Earlier this week the National Republican Senatorial Committee crowed about an Oregon Democratic Party that was clearly panicking. Massachusetts Sen. Elizabeth Warren, one of the most popular figures in the party, was heading to the state to raise funds for Sen. Jeff Merkley—or, in the NRSC's words, to "try and rescue the increasingly vulnerable Sen. Merkely (sic) and help stuff his campaign coffers."
It's no surprise that Jeff Merkley would reach out to Elizabeth Warren is such desperate times. Warren is a master of the nasty tactics Merkley is embracing in his first reelect, frequently using violent, divisive, and partisan rhetoric. Warren is famous for using"unnecessarily aggressive" rhetoric remarking that she would leave “plenty of blood and teeth left on the floor.” Worse, Warren promises to "throw rocks" at people with whom she disagrees with. Even a leading Democratic think tank called Warren’s message“catastrophically anti-business.”
I'm fond of campaign messaging that assumes reporters are deeply stupid. There's no mention here, for example, that Warren's "aggressive rhetoric" was aimed at bank lobbyists—those beloved tribunes of the people. No mention of why using metaphors for "fighting" was out of bounds. No logic at all, really. Warren was traveling to a state that gave Barack Obama a 12-point win in 2012 and had not gone Republican at the presidential level since 1984. Why was her appearance supposed to hurt Merkley? What was the evidence that Oregonians didn't like her?
And where was the evidence that Merkley was "increasingly vulnerable"? Good question. A new Public Policy Polling survey, the first since doctor Monica Wehby won the Republican primary to face Merkley, gives the first-term incumbent a 14-point lead. Every poll in the race, minus a Daily Caller survey that put Wehby out front by 4 points, has given Merkley a double-digit lead. Wehby was entering a five-and-a-half-month general election with a favorable rating of 26 points and unfavorable rating of 40 points. One problem is that most (59 percent) voters were aware of reports that an ex-boyfriend (now donor) of Wehby once accused her of "stalking" him.
Republicans have generally reacted to that story by accusing Democrats of a "war on women." (This is not to be confused with the 2013 allegations of a "war on women," after several unconnected Democrats were tripped up by sex scandals.) Kimberley Strassel, the Wall Street Journal columnist who reliably and usefully conveys what Washington Republicans are thinking, put it this way:
Some conservative commentators have noted that this is the Democratic "war on women," but that doesn't give near enough credit to what is a broader and now-staple Democratic strategy. When faced with a Republican who they cannot beat on policy questions, Democrats move to character assassination. It gives them something to say, while softening up voters to believe their worst accusations about the GOP. The assault is particularly vicious against a Republican woman or minority who threatens to pull votes from their base.
In this, they are exactly like everyone who has ever run a campaign against anyone. (For insights like these, Strassel will be a 2014 recipient of the $250,000 Bradley Prize.) But Republicans want the press to find a new narrative, one in which their increasingly diverse party is going to radically change how it looks. Rep. Shelley Moore Capito is extremely favored to win a Senate seat in West Virginia, State Sen. Joni Ernst has emerged from the pack to fight for an open seat in Iowa, and black/Cherokee state Rep. T.W. Shannon will easily win a seat in Oklahoma if he wins his primary. Imagine if they won, and Wehby won, and Michigan's Terri Lynn Land won, immediately doubling the number of black Republican senators and more than doubling the number of women!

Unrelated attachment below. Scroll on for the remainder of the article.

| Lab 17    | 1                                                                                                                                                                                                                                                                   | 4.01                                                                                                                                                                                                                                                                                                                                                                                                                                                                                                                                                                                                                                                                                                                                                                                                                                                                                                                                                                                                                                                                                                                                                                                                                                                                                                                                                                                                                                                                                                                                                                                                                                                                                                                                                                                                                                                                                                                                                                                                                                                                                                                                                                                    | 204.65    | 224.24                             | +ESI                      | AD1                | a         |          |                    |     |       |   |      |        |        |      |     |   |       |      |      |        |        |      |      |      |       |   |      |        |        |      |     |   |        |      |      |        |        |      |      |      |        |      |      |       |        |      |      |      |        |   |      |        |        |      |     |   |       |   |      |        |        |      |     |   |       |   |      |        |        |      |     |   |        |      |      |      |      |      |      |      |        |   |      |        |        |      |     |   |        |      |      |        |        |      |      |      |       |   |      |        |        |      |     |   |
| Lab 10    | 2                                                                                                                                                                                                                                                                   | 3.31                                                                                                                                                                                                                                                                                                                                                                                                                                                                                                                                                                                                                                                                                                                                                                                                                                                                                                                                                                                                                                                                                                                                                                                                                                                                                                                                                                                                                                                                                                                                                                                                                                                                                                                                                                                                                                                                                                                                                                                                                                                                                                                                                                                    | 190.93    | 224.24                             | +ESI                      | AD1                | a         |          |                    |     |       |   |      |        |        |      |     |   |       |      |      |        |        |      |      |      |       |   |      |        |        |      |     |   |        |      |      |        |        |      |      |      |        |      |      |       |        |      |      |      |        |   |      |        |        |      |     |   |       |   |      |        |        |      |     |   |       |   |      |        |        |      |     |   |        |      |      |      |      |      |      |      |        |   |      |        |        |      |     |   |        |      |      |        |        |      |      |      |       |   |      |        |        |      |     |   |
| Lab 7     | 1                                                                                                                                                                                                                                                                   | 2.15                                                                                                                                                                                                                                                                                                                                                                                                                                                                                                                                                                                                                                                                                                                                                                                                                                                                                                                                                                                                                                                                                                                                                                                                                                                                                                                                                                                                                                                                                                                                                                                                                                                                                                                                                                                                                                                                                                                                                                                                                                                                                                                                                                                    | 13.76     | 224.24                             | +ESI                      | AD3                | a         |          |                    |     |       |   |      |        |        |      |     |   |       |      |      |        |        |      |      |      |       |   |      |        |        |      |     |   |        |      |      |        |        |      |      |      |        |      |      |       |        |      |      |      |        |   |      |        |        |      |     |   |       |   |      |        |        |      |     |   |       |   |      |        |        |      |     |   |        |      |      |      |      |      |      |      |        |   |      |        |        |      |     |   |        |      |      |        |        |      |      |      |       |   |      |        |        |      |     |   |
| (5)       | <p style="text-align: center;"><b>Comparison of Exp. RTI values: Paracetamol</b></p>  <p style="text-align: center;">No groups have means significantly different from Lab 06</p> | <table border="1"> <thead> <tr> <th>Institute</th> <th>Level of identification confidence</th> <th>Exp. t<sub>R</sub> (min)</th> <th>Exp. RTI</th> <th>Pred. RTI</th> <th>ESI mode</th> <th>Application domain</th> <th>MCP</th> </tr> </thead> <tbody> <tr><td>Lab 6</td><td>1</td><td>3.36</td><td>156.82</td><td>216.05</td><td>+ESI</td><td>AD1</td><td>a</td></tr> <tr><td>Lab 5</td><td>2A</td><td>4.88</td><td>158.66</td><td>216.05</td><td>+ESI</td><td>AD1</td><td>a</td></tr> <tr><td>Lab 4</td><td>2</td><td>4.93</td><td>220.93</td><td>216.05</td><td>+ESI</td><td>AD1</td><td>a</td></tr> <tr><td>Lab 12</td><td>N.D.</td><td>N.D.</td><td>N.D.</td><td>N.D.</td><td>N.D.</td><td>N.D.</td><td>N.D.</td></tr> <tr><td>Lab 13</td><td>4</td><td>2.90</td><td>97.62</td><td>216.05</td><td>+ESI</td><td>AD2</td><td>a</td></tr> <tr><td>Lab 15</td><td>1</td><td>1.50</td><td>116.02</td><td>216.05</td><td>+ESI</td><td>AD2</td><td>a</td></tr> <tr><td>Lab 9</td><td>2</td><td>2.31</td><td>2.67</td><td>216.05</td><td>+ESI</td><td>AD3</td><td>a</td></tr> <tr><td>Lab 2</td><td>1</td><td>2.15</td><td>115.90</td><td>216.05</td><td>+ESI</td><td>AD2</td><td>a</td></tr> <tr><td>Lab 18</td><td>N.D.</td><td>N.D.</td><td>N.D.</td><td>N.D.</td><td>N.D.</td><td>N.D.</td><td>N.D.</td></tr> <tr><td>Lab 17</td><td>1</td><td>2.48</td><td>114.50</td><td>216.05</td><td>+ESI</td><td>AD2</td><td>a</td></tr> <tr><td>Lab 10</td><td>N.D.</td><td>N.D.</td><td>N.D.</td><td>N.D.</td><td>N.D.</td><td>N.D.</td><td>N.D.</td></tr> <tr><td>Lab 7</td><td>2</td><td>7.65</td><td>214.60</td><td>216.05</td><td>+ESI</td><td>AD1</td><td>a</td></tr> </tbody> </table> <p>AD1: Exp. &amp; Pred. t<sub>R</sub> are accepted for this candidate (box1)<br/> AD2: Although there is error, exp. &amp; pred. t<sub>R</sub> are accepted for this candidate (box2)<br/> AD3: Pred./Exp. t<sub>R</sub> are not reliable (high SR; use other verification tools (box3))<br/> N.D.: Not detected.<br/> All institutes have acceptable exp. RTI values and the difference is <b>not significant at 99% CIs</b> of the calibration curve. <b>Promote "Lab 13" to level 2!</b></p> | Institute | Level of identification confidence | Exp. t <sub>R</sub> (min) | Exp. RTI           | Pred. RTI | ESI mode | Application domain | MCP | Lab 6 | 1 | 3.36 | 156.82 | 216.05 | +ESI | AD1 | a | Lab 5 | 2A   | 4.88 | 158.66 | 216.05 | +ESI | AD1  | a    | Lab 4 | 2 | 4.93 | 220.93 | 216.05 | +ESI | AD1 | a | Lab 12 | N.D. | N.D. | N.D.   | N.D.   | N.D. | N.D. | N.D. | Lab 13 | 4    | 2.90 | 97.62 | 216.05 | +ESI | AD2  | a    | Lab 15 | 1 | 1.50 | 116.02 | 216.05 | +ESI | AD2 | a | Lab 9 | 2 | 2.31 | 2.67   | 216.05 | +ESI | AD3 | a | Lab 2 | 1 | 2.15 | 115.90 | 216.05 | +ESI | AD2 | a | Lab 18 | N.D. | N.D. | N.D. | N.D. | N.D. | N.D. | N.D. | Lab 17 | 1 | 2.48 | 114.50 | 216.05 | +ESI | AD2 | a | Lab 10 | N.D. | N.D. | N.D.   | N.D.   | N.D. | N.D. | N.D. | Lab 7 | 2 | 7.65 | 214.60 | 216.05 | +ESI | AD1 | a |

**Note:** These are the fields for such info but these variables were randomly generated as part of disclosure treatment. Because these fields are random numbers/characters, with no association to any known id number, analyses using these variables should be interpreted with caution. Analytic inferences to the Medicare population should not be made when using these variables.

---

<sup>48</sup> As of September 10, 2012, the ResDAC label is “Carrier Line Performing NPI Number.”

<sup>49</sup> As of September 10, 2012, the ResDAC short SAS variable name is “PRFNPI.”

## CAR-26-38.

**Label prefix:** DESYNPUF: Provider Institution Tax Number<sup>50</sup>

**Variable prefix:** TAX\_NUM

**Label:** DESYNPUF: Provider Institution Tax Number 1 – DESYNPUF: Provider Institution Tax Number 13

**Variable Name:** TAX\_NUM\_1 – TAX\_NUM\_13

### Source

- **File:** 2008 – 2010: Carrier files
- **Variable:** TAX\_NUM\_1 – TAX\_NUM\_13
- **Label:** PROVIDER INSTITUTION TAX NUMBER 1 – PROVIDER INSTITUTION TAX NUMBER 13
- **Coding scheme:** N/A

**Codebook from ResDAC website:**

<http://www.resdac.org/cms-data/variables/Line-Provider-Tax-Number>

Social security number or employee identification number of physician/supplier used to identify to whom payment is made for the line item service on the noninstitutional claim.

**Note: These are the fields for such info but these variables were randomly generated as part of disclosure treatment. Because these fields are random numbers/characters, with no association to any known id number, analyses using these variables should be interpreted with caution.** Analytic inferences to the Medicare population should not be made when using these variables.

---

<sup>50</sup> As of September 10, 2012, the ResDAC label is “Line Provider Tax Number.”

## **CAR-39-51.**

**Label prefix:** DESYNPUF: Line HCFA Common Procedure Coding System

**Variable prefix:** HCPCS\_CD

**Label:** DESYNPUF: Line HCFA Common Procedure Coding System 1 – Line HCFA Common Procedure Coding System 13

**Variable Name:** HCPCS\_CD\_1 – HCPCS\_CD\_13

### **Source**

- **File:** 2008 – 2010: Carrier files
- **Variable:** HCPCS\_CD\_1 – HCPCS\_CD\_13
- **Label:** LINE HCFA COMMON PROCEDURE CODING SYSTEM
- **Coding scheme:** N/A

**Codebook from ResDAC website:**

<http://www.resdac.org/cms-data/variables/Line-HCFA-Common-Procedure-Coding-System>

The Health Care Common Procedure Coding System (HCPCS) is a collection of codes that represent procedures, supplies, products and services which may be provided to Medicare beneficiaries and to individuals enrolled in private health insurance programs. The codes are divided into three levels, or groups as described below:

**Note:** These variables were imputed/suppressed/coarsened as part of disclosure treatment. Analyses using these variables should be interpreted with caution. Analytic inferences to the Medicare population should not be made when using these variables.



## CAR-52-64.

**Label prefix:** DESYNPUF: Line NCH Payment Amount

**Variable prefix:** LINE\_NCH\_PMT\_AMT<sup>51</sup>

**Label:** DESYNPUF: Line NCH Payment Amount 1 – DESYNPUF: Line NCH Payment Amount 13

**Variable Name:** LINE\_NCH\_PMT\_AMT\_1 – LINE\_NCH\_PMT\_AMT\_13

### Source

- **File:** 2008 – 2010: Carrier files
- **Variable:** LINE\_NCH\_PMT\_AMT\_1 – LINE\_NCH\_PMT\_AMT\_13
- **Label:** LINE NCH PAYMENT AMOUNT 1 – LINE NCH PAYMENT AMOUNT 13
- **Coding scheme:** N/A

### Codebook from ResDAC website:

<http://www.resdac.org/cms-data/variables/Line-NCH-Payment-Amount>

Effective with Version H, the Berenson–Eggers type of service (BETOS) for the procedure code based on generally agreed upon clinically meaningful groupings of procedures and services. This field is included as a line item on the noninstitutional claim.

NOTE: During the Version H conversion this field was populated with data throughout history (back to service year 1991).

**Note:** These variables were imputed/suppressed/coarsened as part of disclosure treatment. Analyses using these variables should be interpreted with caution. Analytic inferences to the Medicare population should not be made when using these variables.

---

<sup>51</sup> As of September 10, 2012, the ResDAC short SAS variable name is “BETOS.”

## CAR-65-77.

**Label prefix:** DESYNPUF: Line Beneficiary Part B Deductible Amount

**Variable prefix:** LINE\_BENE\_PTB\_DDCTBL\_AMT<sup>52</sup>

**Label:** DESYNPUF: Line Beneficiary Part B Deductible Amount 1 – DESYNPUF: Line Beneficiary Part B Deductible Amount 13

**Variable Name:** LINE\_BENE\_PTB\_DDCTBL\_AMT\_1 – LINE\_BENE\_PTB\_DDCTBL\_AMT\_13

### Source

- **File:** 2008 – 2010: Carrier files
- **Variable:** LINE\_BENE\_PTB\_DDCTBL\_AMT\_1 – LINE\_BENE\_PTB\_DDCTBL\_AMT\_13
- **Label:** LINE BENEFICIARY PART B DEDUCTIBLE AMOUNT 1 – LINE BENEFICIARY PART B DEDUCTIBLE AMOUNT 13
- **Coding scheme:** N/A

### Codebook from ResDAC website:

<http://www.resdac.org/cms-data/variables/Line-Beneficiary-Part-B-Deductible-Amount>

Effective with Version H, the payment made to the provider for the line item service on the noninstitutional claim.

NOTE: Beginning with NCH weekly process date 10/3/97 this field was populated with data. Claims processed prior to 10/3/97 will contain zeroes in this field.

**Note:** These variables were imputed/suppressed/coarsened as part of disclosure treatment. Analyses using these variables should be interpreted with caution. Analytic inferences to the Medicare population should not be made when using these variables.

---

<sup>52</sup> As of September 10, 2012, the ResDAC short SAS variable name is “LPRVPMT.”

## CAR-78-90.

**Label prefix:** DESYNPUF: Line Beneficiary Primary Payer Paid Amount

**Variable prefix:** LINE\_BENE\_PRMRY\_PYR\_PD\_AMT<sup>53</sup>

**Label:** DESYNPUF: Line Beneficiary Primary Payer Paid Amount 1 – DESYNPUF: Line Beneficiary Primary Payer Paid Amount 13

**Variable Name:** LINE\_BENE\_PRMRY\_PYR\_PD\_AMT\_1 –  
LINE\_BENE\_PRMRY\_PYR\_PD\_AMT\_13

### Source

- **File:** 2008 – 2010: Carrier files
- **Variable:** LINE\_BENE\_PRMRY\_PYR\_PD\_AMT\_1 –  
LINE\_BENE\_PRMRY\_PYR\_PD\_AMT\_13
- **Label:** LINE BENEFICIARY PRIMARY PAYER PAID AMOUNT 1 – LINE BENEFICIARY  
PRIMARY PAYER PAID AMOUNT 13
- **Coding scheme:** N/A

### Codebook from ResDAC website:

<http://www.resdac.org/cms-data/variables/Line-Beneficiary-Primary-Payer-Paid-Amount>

The problem is that the candidates are smaller than the narrative. Land is a great case study. "Republicans will have an excellent candidate in Terri Lynn Land," wrote Nate Silver this year, arguing that Lynn was more electable than one of the Tea Party candidates who might have run. The problem, as Michigan reporters keep finding, is that Land is monumentally unimpressive on the trail.
She didn’t want to do the traditional media scrum, a normal fixture for politicians where reporters gather round in tight quarters and throw questions at the candidate. She preferred one-on-one interviews with reporters, but eventually agreed to the scrum. And the microphones, cameras and cell phone recorders emerged in her face.
At one point, looking slightly panicked and clearly uncomfortable, she pushed microphones away and said: “I can’t do this. I talk with my hands.”
And when confronted with several questions, regarding whether she would have voted for the federal bailout for General Motors and Chrysler (she has said she didn’t support the bailout), she repeated a rote answer: “I support the autoworkers. I’m glad the autos are doing well.”
After 2½ minutes, her spokeswoman uttered the words reporters hate — “Last question” — and quickly whisked her away.
Land's campaign has been trying to short-circuit Democratic messaging on social issues by pointing out that she is a woman, and been trying to brand her opponent as the pawn of energy bill-rising "California radical billionaire" Tom Steyer. Not really working. Wehby's campaign is predicated on the idea that, as Strassel writes, she can "run circles" around Merkley on health care, as voters rebel against the state's multimillion-dollar ACA exchange boondoggle. No evidence of that, either. The best thing Republicans have going for them in 2014 is that the electorate will be whiter, older, and more conservative than the one that elected Democrats in 2012. This is not to be confused with an electorate that'll just believe anything.
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